Tribunal Recommendation in Respect to Both Signature Requirement on Applications to Home Educate
Home educators have long been frustrated by the requirement by regulatory authorities that both biological parents' must sign the application to home educate in all or some situations (such as where shared responsibility has been granted through the Family Court). They argue that as enrolment in public or private school requires only one parent's signature it makes sense that the same should apply with home education registration.
Each state and territory has different policies as to whether single or dual parental consent is required to home educate. In SA and the ACT both signatures are required except when one parent is excluded from parental responsibility by a court order. In VIC and QLD only one signature is required and if one parent is non-consenting the matter is left to the Family Court to decide. The NT has no policy in place yet. In WA only the consent of one parent is generally required but where there is disagreement the status quo is maintained, that is, the child either remains at school or continues to home educate until the Family Court resolves the dispute. In TAS and NSW (until this week) the consent of one parent is required except when there are court orders giving shared parental responsibility for education, in these circumstances the consent of both parents is needed.
The two signature requirement means that parents who no longer live with their children, have little or no contact with them, and do not pay child support (maintenance) are able to suddenly re-enter and disrupt the life of the family and thwart the other parent's attempts to provide a quality educational experience that meets the individual needs of the children. Such difficulties almost always occur in circumstances where there is a history of domestic violence. Policies that require consent of both parents may put women and children at risk. This mainly affects single parent families but has also caused problems for blended families who wish to home educate.
The only option for these families to pursue home education has been for the parent with whom the child lives to seek and obtain sole parental responsibility for the children, a lengthy and stressful process that opens old wounds and causes considerable disturbance to family life.
This week an important decision was handed down by the NSW Civil and Administrative Tribunal that recommended that applications for home education registration be "considered on their merits and not be refused because of the court order and the father's not consenting to the application".
This has implications for families across Australia with shared parenting orders who wish to home educate their children and who are required to obtain the other biological parent's signature on the application form.
The Tribunal argued that it was not the role of the regulatory authority BOSTES to "consider whether the applicant should have sole parental responsibility or unilateral responsibility to decide to apply for home schooling for the children" and that its role is "to consider an application for registration for home schooling made by a parent of a child pursuant to s 71 of the Act." It determined that BOSTES should have considered the application "taking into account relevant information, including that it had obtained from the father about why he opposed registration for home schooling, to the extent that it is relevant."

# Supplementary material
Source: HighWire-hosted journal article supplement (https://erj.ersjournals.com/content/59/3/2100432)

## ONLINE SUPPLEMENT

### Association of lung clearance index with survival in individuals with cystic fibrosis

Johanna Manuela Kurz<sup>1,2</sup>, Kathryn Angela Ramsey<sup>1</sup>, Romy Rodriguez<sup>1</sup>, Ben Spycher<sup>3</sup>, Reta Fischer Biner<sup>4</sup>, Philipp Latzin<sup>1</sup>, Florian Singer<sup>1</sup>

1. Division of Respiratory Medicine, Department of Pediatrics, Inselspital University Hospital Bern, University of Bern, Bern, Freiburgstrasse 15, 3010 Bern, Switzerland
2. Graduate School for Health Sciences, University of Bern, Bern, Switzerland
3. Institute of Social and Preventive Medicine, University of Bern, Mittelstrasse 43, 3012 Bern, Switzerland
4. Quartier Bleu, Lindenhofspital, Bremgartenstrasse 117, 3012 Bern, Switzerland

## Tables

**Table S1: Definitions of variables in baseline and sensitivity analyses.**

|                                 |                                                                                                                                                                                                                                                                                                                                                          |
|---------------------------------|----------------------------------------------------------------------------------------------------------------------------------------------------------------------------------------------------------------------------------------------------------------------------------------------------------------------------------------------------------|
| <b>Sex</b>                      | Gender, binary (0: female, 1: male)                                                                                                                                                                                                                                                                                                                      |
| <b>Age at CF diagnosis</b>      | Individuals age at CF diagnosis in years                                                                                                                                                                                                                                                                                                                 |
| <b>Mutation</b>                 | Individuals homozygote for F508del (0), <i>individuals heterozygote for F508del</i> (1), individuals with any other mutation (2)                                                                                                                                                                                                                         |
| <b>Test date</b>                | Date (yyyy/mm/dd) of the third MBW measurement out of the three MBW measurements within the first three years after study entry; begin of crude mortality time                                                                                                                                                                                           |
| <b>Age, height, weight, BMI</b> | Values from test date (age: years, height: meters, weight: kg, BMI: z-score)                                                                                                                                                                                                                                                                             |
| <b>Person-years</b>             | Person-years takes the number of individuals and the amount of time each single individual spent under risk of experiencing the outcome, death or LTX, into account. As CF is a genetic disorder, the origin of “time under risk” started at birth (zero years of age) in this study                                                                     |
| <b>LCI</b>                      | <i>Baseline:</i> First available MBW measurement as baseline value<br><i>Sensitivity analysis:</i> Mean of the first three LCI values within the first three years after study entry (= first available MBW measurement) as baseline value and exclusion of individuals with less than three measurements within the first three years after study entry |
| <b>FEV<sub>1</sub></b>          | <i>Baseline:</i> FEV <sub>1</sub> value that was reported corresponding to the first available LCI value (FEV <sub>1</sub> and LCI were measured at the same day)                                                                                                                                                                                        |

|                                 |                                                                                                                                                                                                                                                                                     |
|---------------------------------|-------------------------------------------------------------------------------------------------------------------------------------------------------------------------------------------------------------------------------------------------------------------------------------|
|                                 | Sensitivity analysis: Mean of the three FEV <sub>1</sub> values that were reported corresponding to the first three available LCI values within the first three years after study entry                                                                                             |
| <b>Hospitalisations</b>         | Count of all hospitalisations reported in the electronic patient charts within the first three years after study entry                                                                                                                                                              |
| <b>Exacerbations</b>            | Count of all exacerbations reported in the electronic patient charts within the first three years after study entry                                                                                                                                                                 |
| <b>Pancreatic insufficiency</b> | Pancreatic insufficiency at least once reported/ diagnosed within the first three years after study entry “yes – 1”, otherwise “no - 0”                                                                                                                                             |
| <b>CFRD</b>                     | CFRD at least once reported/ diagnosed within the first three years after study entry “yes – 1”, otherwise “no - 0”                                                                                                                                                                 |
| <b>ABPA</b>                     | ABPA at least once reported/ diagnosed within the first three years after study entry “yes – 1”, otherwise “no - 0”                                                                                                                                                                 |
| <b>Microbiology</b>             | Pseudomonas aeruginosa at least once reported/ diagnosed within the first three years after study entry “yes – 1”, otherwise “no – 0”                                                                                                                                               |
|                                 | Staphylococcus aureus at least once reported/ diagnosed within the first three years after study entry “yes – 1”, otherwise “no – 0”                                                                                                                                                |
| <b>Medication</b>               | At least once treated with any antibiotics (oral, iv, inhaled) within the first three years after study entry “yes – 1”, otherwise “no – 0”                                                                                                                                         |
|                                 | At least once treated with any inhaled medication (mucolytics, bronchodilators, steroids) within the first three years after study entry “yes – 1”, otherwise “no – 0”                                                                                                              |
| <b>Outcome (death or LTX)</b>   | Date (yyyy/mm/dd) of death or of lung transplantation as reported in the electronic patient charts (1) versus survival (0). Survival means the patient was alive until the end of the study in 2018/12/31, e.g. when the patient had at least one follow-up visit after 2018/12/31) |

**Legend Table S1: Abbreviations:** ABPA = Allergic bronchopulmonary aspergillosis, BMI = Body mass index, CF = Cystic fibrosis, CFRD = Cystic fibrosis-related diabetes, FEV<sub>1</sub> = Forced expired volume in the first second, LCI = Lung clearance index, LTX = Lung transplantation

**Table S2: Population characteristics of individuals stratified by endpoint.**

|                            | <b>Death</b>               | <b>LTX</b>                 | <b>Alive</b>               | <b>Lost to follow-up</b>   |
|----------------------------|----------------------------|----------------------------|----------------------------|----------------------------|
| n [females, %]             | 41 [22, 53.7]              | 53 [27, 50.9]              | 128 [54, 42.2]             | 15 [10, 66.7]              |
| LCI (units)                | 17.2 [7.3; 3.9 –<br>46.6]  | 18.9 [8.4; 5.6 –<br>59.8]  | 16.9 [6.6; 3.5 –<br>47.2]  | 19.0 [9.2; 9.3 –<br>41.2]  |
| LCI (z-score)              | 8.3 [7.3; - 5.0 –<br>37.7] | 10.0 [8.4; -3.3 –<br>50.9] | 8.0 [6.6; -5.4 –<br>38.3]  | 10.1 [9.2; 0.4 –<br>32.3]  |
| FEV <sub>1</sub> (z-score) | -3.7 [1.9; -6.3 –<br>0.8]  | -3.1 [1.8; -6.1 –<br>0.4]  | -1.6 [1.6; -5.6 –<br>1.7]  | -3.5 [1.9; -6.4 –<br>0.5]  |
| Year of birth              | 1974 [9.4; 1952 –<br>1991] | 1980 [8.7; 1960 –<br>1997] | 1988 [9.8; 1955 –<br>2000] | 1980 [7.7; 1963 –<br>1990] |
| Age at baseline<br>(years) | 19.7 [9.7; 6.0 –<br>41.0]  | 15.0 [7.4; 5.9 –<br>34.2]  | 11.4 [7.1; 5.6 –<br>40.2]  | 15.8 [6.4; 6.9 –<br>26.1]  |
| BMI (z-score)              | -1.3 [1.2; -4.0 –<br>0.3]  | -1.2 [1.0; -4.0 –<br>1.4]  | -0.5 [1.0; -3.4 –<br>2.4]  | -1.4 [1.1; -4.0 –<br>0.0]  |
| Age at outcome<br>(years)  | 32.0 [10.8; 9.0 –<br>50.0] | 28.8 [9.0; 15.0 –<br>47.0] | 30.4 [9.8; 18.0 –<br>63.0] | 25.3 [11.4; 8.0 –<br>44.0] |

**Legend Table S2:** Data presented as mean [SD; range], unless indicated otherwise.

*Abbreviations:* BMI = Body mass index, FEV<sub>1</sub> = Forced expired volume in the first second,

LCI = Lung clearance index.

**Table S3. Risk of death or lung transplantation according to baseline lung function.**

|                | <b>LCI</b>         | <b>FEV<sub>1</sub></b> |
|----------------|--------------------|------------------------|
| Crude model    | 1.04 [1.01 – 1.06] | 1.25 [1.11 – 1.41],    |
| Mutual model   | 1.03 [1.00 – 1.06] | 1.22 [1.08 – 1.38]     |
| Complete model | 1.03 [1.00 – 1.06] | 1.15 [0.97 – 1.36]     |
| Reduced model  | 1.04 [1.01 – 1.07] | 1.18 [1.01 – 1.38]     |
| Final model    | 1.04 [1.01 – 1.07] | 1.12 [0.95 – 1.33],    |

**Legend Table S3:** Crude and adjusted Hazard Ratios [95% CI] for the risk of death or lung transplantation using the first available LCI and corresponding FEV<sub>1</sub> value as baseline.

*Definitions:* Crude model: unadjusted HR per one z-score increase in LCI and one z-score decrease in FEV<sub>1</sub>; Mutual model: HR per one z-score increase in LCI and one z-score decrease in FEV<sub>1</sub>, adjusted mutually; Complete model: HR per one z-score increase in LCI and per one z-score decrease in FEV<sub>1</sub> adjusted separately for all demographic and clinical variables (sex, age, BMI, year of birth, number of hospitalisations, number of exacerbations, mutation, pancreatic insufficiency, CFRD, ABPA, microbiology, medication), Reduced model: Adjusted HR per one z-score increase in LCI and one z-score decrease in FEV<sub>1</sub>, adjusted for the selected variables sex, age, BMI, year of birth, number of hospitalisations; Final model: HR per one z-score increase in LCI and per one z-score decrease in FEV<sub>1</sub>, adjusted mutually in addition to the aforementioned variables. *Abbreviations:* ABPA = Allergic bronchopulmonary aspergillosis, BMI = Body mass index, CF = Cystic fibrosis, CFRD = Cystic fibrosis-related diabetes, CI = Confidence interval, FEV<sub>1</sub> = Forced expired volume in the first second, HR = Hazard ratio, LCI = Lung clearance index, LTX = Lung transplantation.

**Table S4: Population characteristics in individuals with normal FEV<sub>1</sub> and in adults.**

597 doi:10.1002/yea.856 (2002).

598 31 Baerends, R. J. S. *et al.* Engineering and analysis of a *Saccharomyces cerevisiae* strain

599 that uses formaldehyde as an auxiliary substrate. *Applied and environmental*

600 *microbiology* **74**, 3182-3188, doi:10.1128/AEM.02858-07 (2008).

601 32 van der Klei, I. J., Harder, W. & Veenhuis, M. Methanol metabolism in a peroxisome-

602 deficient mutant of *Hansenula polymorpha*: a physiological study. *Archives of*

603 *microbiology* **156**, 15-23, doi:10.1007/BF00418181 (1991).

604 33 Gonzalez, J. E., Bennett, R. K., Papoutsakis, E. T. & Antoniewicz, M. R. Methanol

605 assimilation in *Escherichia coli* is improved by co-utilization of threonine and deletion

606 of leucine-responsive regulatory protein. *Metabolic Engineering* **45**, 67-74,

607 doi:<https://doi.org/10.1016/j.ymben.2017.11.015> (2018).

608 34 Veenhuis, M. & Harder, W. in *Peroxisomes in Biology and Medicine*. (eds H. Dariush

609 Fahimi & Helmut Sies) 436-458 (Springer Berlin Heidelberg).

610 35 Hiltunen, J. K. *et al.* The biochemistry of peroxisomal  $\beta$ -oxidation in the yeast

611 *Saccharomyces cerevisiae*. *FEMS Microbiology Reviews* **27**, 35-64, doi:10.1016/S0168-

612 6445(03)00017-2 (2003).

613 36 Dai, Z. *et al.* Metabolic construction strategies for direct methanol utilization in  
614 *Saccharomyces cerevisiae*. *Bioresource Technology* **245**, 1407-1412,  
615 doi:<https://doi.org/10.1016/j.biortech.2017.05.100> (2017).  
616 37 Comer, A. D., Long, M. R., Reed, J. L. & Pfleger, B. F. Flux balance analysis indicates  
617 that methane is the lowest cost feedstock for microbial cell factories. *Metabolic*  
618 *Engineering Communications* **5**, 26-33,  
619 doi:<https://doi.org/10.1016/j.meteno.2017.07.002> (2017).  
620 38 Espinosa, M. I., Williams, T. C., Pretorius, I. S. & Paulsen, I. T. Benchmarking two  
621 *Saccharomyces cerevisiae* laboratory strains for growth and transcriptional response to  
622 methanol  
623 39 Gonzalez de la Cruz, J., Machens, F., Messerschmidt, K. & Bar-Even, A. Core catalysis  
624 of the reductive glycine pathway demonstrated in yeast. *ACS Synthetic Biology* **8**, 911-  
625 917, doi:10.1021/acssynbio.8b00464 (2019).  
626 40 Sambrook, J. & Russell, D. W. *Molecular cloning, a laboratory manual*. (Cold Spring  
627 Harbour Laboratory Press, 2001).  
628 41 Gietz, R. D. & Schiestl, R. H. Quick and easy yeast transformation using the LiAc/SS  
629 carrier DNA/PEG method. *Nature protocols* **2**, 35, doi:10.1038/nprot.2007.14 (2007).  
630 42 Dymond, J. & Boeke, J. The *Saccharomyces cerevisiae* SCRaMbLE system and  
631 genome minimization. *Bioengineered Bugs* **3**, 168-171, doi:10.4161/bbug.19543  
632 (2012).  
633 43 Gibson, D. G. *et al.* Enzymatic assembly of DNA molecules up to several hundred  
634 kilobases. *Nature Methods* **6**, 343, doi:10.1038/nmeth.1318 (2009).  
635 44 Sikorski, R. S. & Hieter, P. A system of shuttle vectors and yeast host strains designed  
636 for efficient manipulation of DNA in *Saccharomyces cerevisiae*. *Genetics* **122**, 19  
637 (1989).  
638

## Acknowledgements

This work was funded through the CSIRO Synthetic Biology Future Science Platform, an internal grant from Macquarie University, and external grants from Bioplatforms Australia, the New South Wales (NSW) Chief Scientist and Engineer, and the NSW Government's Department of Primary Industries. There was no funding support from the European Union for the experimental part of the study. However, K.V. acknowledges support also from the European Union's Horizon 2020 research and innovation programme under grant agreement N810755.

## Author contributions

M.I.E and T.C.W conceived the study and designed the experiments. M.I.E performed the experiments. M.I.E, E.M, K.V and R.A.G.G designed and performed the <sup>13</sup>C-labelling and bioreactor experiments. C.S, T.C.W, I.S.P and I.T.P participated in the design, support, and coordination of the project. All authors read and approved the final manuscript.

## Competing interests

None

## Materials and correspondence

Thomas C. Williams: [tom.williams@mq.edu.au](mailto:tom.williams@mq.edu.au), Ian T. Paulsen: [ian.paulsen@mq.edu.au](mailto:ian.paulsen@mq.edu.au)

Refusing to fully consider the application on the basis of non-consent of the other parent was not accepted by the Tribunal. It determined that "if the applicant or the father disagrees with the outcome, he or she may not wish to pursue the matter further" through the Family Court. It stated that is not up to the BOSTES to determine if both parties have kept to the terms of the shared parenting orders.
While specific to this particular appeal process and this family's circumstances, the decision is being interpreted by home educators as a significant outcome and hopefully will help to change what is an untenable situation. It appears to shift the onus onto the non-consenting parent to protest any concerns through the Family Court instead of the registering body assuming authority as the arbitrator of conflicts about the education of the children between parents.
This lines up with what already happens when the principal carer enrolls a child in a school the other parent isn't happy with; it's up to that disgruntled parent to take the principal carer through the Family Court to establish new orders regarding the child's education.
The Home Education Association supported the parent who challenged the registration authority in NSW, assisting her to obtain free legal representation and providing moral and emotional support through the process. It may be possible for the dual consent process to be challenged in other Australian jurisdictions. Advice and support can be obtained from the Association: www.hea.edu.au .
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We began educating our three children in 1985, when our eldest was aged five years. In truth, we had helped them learn what they need to learn as they grew and explored and discovered this amazing world since the moment they were born. I am a passionate advocate of allowing children to learn unhindered by unnecessary stress and competition, meeting developmental needs in ways that suit their individual learning styles and preferences. Ours was a homeschooling, unschooling and natural learning family! There are hundreds of articles on this site to help you build confidence as a home educating family. I hope that your home educating adventure is as satisfying as ours was!
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